“A man can fail many times, but he isn't a failure until he begins to blame somebody else.”
~ Steve Prefontaine
Running is a simple activity, but the following guidelines will help you succeed at it.
Don’t begin a running program without a full medical exam.
Don’t attempt to train through an athletic injury. Little aches and pains can sideline you for weeks or months if you don’t take time off and seek medical advice.
Do dress correctly. If it’s dark, wear white or, better yet, reflective clothing. If it’s cold, wear layers of clothing, gloves or mittens, and a wool ski cap to retain heat. Sunblock, sunglasses, a baseball cap, and white clothing make sense on hot days.
Don’t run in worn-out shoes (check them for broken-down heels or very smooth areas where you push off on your strides). Don’t run in shoes that are designed for other sports, such as basketball or tennis sneaks.
Do tell someone where you’ll be running and when you expect to return. Carry some identification and your cell phone.
Do some light stretching exercises prior to your run/walk workouts to reduce muscle tightness and increase range of motion. You should do even more stretching after the workout.
Do watch out for cars, and don’t expect “drivers to watch out for you. Always run facing traffic so that you can see cars approaching. When crossing an intersection, make sure you establish eye contact with the driver before proceeding.
Do include a training partner in your program, if possible. A training partner with similar abilities and goals can add motivation and increase the safety of your running.
Don’t wear headphones when running outside, whether you're “training or racing. They tune you out from your surroundings, making you more vulnerable to all sorts of hazards: cars, bikes, skateboards, dogs, and criminals.
Don’t run in remote areas, especially if you are a woman running alone. If you don’t have a partner, run with a dog or carry a self-defense spray (first ensuring it’s legal to use where you run). Don’t approach a car to give directions, and don’t assume all runners are harmless.”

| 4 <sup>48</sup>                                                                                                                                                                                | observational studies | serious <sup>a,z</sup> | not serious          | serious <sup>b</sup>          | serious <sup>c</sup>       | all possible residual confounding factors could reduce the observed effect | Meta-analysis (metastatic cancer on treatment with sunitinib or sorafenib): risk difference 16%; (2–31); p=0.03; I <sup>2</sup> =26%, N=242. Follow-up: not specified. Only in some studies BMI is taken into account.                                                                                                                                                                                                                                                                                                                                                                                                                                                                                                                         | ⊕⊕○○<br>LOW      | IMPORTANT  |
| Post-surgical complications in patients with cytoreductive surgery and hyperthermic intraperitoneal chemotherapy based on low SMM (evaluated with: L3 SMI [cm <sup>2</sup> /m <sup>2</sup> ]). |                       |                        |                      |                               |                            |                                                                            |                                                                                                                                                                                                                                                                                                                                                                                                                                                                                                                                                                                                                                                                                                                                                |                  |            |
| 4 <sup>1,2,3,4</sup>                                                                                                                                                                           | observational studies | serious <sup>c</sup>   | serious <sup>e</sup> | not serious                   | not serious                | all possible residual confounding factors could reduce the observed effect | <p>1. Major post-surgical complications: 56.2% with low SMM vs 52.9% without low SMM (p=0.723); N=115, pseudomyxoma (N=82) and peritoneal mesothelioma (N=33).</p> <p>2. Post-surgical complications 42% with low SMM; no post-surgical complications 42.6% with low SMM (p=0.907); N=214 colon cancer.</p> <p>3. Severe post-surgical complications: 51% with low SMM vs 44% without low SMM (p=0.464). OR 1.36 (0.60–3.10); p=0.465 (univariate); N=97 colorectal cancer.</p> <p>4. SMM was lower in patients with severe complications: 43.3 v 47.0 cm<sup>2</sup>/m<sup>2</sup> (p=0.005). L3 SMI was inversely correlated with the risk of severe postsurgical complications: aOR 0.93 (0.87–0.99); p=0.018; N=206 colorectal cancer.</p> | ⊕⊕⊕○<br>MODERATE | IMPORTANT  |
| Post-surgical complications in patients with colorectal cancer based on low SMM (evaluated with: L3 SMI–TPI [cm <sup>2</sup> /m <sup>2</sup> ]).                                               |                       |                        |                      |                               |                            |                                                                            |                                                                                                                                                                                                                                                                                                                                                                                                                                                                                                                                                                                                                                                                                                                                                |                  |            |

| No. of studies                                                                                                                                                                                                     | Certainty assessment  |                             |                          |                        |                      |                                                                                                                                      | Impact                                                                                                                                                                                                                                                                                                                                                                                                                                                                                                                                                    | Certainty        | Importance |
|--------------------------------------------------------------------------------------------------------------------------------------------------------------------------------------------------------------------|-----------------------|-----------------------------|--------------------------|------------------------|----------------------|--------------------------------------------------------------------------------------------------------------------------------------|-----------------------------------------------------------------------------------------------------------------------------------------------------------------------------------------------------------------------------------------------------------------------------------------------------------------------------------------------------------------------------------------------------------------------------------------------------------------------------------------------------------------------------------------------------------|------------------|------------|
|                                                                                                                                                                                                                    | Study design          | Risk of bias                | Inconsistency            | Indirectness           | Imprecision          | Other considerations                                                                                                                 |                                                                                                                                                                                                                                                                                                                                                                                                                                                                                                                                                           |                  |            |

Excerpt From: Burfoot, Amby. “Runner's World Complete Book of Running.” Rodale, 2009. iBooks.
“I often hear someone say I'm not a real runner. We are all runners, some just run faster than others. I never met a fake runner.”
As I begin a new year today, I decided to look back at the races from 2013 and see how I improved on my runs, if any at all, but more importantly reflect on the blessings of having another year of running.
Hot Chocolate 5K/15K 25:45 (5K)
Taste 10K Feb. 16 57:55
2013 March 5K Trail Run March 2 26:33
Luckie 5K March 17 25:07
12th Annual Cheerios 10K Challenge April 20 52:37
Nancy Travis Trot for Tots 5K April 21 24:44
5th Annual Run for Kids 5K May 25 26:51 (stroller)
2013 Peachtree Road Race July 4 55:03
Fuzz Run 5K September 14 24:49
Fire Fighter Fall 5K October 12 26:27 (stroller)
Princess Katie 5K October 13 24:21
Magnet Monster Dash October 25 24:07
Trick or Trot 5K October 26 23:47
Rock N Roll Half Marathon November 9 2:02:15
2013 Thanksgiving Day 5K November 28 24:53
If you happen to be in the Watkinsville, Georgia area on January 11th come out and enjoy the fun in the Pilot Chase 5K. It will be a great time to be had by all.
You can always register at http://www.classicraceservices.com.
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